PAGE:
Feeds:
Posts
Comments

Archive for the ‘Jim Davis’ Category

Directed by Frank Lloyd
​S​tarring Sterling Hayden, Anna Maria Alberghetti, Richard Carlson, Arthur Hunnicutt, Ernest Borgnine, J. Carrol Naish

Kino Lorber has announced the upcoming DVD and Blu-Ray release of The Last Command (1955), Republic’s Trucolor tribute to the brave men who fought at the Alamo. Made after John Wayne took his Alamo movie and left the studio to produce his movie on his own.

My mom was from Texas, and The Last Command never failed to tear her up. It doesn’t have the spectacle of Wayne’s The Alamo (1960), but it’s got plenty going for it, and I’m looking forward to doing a commentary for this one.

Advertisements

Read Full Post »

Republic Trucolor logo

Martin Scorsese has curated a retrospective of Republic movies, for February and August at the Museum Of Modern Art, from the restored material at Paramount.

There’s some great stuff in February’s lineup, including Trigger, Jr. (1950), Stranger At My Door (1956) and one of my all-time favorite films, Hellfire (1949). Three of my favorite directors are represented: William Witney, George Sherman and Allan Dwan.

Working with the fine folks at Kino Lorber on commentaries for some of their Republic releases, the quality of the material coming out of Paramount is incredible. (I’m in the middle of Singing Guns right now.) So glad to see these films are being treated with the respect they deserve.

Thanks to Laura for the news!

Read Full Post »

silver-canyon-lobby-card

Directed by John English
Screen Play by Gerald Geraghty
Story by Alan James
Director Of Photography: William Bradford
Film Editor: James Sweeney

Cast: Gene Autry (Himself), Gail Davis (Dell Middler), Jim Davis (Wade McQuarrie), Bob Steele (Walt Middler), Pat Buttram (Pat “Cougar” Claggett), Terry Frost (Wyatt), Edgar Dearing (Colonel Middler), Paul Frees (Narrator)

__________

Silver Canyon (1951) is an interesting late-period Gene Autry movie. It’s a Civil War picture, with Jim Davis playing Wade McQuarrie, a Quantrill-like Confederate guerilla. McQuarrie’s wreaking havoc on the Union’s supply lines and Army scout Autry is sent to sort it all out.

scan0196

These later Autry’s give up a song or two to make room for more action, a trend with most Singing Cowboy pictures from this period. This one even tosses in a lynch mob for good measure.

You get the usual Autry cast from this period — Gail Davis and Pat Buttram — with the added benefit of Jim Davis as the stylish, ruthless guerrilla leader — and Bob Steele as a Confederate sympathizer who gets mixed up with the raiders. As we’ve all said around here a million times, it’s often the roster of character actors who take these things up a notch, and that’s the case here. Factor in the great Paul Frees as narrator, and this one stands out among Gene’s later pictures.

Silver Canyon LC

Gene Autry always surrounded himself with real pros, usually folks he’d worked with time and time again. From John English to Gerald Geraghty to William Bradford, and from the Iverson Ranch to Pioneertown, this would’ve been a very familiar undertaking for all concerned — including those of us watching it.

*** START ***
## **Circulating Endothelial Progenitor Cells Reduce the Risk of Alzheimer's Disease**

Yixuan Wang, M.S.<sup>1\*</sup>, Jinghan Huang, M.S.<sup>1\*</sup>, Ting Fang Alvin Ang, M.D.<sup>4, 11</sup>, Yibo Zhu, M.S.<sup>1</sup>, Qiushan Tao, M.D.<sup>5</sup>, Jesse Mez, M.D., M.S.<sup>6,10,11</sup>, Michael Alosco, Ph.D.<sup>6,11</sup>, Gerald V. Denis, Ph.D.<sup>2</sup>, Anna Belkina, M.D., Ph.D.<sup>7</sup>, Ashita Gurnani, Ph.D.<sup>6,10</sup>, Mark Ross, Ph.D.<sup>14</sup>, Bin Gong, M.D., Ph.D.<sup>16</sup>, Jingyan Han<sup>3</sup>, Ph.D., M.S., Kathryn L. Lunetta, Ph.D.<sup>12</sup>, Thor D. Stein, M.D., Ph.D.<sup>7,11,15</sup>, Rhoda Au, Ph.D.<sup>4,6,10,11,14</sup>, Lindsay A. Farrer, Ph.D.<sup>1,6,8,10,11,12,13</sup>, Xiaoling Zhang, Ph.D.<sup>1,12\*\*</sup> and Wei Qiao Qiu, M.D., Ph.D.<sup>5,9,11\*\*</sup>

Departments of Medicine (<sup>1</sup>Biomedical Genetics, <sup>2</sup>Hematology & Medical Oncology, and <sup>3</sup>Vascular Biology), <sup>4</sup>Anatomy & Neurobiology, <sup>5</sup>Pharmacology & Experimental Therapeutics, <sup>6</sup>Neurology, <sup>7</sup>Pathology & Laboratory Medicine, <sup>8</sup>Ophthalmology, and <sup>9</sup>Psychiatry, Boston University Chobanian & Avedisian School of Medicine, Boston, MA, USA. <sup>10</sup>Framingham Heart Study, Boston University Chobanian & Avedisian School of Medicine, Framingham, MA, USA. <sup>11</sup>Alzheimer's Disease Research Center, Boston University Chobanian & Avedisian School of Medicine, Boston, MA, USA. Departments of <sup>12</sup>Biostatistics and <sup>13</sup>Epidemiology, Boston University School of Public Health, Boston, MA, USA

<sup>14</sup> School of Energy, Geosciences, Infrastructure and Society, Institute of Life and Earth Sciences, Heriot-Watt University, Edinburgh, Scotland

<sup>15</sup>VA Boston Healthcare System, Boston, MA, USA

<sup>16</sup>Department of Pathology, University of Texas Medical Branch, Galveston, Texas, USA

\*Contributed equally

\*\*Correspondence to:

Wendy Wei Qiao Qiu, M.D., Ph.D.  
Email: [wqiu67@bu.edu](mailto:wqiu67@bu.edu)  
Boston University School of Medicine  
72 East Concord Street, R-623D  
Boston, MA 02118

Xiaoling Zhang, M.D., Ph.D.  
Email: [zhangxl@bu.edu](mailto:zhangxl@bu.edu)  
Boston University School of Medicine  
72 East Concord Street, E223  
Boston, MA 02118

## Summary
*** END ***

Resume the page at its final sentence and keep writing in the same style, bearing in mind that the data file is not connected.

Silver Canyon is another example of the care that’s gone into preserving Autry’s movies. The Image DVD is terrific, with the usual lineup of extras. It has not been re-issued as part of the four-picture sets from Timeless Media Group.

Read Full Post »

the-badge-of-marshal-brennan-movie-poster-1957-1020706181

Produced and Directed by Albert C. Gannaway
Written by Thomas G. Hubbard, Associate Producer
Director of Photography: Charles Straumer, ASC
Music Composed and Played by Ramez Idriss (on Fender guitars)
Supervising Film Editor: Asa Clark, ACE

Cast: Jim Davis (“Brennan”), Carl Smith (Sheriff Carl Smith), Arleen Whelan (Murdock), Lee Van Cleef (Shad Donaphin), Louis Jean Heydt (Col. Donaphin), Harry Lauter (Doc Hale), Marty Robbins (Felipe), Douglas Fowley (Marshal Matt Brennan)

__________

I’ve been meaning to dive into Jim Davis’ pictures from the 50s — the ones where he has the lead — for quite some time. It took someone asking about such a thing to make me finally take it on, so let’s kick things off with The Badge Of Marshal Brennan (1957).

BADGEOFMARSHALBRENNA_1319147154 copy

Davis is an outlaw on the run who happens upon the dying Marshal Brennan (Douglas Fowley). He takes the man’s badge and rides on to the next town. There, mistaken for the marshal, Davis helps take on a powerful rancher whose diseased cattle have created an epidemic that threatens to kill off the town.

wayne_80The story’s nothing new, the sets are cheap, the music — a guitars-only score by Ramez Idriss — is kinda thin (and odd), and some of the camera set-ups seemed rushed. But there’s still something about The Badge Of Marshal Brennan I liked. It might be the cast. Davis is fine, of course. Arleen Whelan is good in one of her last roles. Lee Van Cleef, Louis Jean Heydt and Harry Lauter are as dependable as ever. And a couple country music stars from the period, Carl Smith and Marty Robbins, are thrown in for good measure.

leevancleef_badeofmarshbren

The Badge Of Marshal Brennan was followed by Raiders Of Old California (1957), again from director Albert C. Gannaway and much of the same cast. They were both shot outside Kanab, Utah, and at Cascade Studios in Hollywood by Charles Straumer. Badge was released by Allied Artists; Republic handled Raiders.

You can find both of these on Amazon or even YouTube. While they’re not gonna knock you out, it’s a shame they’re not available on DVD.

Read Full Post »

belgianchainlightninglipn2Directed by Edwin L. Marin
Starring Randolph Scott, George “Gabby” Hayes, Bill Williams, Victor Jory, Karin Booth, Douglas Kennedy, Jim Davis, Dale Robertson, James Griffith

Kino Lorber has announced they’ll have Randolph Scott in The Cariboo Trail (1950) out on DVD and Blu-ray sometime this year. With a great cast (it was Gabby Hayes’ last movie), solid direction from Edwin L. Marin, and Cinecolor’s gloriously funky hues, it’s a load of fun and not to missed.

1zqv6a1

Directed by Edwin L. Marin
Starring Randolph Scott, Jane Wyatt, J. Carrol Naish, Victor Jory, Nancy Olson